Some repetitive components. I rated the book 4 stars, but it’s really rounded down from a really excellent 4.4. This novel checked all the boxes for me that I feel a thriller should, and there’s not much to criticize. If I had to nit-pick I would say that there are a couple elements of the novel that are mentioned over and over and become something of a monotonous refrain. The first would be Anna’s love of film noir. I wonder how many different film titles from the genre are included in the text – not that I’m going to actually take the time to count them out. The second repetitive element is Anna’s level of drinking and pill-taking. We get it, she’s an addict who is self-medicating and compromising her faculties as a result. The degree to which she imbibes, however, definitely gets over the top at times. Obviously, her addiction to booze and pills is part of her unreliability as a narrator but also started to become a turn-off when she kept lying to herself about her ability to control her consumption.
Truly excellent thriller that balances a compelling unreliable narrator with a heavy psychological element, an addictive format and some serious twists.
by Leni Zumas
Publication Date: January 16th 2018
Published By: Little, Brown And Company
Length In Hardcover: 368 pages
Goodreads Rating: 3.75
In this novel, abortion is once again illegal in America, in-vitro fertilization is banned, and the Personhood Amendment grants rights to every embryo. In a small Oregon fishing town, five very different women navigate these new barriers alongside age-old questions surrounding motherhood, identity, and freedom.
Ro, a single high-school teacher, is trying to have a baby on her own, while also writing a biography of Eivør, a little-known 19th-century female polar explorer. Susan is a frustrated mother of two, trapped in a crumbling marriage. Mattie is the adopted daughter of doting parents, who finds herself pregnant with nowhere to turn. And Gin is the gifted, forest-dwelling homeopath, or “mender,” who brings all their fates together when she’s put on trial in a frenzied modern-day witch hunt.
The idea. It’s hard for me to pinpoint specific things I actually enjoyed about this novel because right from the first few chapters, I knew that this was a book I would read just to complete my Book Of The Month selections for January and report back. I was almost immediately aware that I wasn’t going to like it due to the really jarring, disjointed writing style. And yet below all that extra ‘stuff’, I could also see the outlines of a book that I could have liked. The basic premise of a dystopia in which abortion is no longer legal – with all of the connected repercussions of this reality – was certainly a worthwhile setting to explore. I also liked the idea of following four different women within that world, at different points in their lives and being affected by the new political and social reality in varying ways. The problem was that this worthwhile premise was buried under a mound of overworked writing.
The writing. On the one hand, I completely understand the kind of tone and feel that the author was going for in composing this novel the way she did. On the other hand, her intentions were very blatant to me in reading, and I cringed at how obvious it was that she had tried to make her writing sound modern and unexpected. The broken sentences, nonsensical word pairings and jarring shifts in topic were basically pleading to be considered original and current. Unfortunately, the very transparency of this gimmicky writing was what made the entire novel fall flat for me. At times, I couldn’t even follow what was happening in the novel because of how jumbled the writing was, and the whole thing felt amateurish. Lots of smoke and mirrors but unfortunately no there, there – just the sacrificing of depth and meaning for barefaced artfulness.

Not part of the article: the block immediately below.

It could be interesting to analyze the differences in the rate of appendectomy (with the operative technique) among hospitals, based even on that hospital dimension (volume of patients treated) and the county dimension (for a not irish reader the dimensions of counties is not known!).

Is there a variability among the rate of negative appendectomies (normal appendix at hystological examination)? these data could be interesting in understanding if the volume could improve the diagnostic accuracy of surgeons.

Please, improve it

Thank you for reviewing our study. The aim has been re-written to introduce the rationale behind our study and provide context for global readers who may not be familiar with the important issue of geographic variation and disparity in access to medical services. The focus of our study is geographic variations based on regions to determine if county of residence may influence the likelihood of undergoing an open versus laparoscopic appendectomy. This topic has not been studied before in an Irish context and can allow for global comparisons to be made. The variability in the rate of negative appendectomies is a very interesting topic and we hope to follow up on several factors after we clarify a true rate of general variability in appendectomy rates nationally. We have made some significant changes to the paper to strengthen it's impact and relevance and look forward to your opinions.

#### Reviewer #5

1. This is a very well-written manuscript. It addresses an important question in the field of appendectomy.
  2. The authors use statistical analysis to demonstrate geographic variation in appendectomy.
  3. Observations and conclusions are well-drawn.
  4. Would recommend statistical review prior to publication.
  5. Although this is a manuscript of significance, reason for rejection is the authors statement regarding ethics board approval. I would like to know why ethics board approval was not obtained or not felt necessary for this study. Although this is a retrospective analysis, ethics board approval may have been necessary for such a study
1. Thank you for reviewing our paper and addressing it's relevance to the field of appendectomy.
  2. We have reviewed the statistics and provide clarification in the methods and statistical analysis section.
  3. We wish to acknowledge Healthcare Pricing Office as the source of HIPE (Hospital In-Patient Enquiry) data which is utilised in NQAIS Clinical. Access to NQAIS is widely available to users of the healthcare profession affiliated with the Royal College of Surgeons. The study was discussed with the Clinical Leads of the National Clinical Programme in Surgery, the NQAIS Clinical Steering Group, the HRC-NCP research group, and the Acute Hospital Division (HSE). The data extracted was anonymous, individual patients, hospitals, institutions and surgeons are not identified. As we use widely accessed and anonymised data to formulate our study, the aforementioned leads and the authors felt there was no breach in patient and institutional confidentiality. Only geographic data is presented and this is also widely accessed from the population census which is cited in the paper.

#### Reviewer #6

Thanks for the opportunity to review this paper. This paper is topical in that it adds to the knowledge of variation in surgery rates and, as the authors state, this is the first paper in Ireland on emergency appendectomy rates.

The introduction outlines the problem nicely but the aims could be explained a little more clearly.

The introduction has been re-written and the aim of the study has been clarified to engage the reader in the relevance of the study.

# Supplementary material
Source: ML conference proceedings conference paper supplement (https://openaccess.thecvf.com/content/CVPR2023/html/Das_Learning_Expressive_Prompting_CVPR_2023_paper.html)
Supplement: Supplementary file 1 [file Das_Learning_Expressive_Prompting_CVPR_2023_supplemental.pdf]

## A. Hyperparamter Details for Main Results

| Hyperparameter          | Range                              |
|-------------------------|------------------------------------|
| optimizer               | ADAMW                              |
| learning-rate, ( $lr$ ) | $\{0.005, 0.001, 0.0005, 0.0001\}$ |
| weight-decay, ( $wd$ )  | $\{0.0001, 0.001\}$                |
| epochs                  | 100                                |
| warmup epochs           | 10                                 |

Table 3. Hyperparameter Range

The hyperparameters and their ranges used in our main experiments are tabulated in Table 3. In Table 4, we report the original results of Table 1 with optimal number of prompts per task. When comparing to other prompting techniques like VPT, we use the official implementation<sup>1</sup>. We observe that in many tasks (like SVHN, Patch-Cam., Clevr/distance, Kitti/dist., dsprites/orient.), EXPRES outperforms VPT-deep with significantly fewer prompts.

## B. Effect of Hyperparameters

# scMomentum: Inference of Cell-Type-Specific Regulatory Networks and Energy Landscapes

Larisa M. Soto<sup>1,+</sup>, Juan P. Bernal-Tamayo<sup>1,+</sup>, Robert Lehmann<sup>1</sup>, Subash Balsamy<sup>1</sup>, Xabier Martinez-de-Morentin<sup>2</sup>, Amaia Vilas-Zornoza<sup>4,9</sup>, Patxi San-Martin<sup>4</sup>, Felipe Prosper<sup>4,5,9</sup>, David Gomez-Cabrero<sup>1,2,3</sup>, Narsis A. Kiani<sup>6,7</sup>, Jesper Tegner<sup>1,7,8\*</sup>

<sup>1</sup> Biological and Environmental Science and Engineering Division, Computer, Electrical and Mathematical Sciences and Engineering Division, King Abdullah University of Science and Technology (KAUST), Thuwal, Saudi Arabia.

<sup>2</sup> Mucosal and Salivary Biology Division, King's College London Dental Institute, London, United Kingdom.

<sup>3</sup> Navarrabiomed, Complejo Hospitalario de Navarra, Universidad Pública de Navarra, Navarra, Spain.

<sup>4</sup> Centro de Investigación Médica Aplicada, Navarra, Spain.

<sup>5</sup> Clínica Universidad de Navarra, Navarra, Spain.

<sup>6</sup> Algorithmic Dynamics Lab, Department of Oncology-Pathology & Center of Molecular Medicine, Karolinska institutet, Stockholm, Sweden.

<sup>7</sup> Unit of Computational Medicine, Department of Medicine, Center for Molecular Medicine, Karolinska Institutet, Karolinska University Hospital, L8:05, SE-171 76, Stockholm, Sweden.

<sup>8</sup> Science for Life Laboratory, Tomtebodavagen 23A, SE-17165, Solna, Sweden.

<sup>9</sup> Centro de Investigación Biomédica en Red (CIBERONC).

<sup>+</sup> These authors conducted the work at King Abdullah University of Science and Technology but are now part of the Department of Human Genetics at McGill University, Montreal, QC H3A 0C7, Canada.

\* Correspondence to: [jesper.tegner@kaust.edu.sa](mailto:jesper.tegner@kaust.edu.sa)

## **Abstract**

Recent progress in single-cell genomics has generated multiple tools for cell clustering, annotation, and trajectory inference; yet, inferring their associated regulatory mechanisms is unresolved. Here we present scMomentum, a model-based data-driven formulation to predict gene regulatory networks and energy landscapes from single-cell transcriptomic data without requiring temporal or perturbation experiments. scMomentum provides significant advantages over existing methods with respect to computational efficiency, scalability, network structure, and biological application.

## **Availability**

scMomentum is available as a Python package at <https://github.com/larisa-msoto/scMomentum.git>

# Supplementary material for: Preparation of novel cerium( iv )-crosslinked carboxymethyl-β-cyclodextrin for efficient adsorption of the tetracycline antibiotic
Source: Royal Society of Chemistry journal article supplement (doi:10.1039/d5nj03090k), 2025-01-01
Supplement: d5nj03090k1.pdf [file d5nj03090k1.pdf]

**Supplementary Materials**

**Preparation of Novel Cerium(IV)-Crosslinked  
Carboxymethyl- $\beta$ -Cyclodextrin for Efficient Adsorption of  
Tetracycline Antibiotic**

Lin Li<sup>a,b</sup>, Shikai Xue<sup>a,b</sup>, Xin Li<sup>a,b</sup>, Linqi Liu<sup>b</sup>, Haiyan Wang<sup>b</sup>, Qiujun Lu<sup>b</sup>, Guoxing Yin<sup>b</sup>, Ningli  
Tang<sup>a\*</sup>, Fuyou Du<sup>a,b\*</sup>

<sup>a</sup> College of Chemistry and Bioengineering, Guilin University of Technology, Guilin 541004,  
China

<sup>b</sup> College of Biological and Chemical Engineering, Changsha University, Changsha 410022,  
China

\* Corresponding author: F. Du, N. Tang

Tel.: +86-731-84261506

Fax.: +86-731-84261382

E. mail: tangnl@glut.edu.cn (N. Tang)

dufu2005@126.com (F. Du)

Parts that felt thrown in. In addition to the overwrought writing, I also felt that more than one element of the novel was thrown in just to add to the jumble and to the feigned complexity of the execution. In particular, the sections dedicated to the historical female explorer figure were at times barely intelligible. Clearly, the author was trying to tie her feminist modern-day narrative to a bold female figure in the past, but these chapters were actually painful to read and disconnected from the present narrative they were meant to somehow counterpoint. My favorite character in the novel was The Healer. She felt meaningful, complex and interesting. The remaining three female principals, however, did not really work for me. From the biographer who was easy to dislike from the very beginning, to the mother whose chapters were cringe-worthy to read due to her deep unremitting unhappiness, to the student who felt like nothing more than a foil to include the actual potential of abortion in the story.
See-through attempt at writing something new, unexpected and artful that ends up feeling jumbled, amateurish and overdone.
Have you read As Bright As Heaven, The Woman At The Window or Red Clocks? What did you think of them? Do you agree with my ratings? Let me know in the comments.
If you want to read my previous reviews for my Book Of The Month deliveries here are links to my December 2017, November 2017, October 2017, September 2017, August 2017, July 2017, June 2017, May 2017, April 2017, March 2017, February 2017, and January 2017.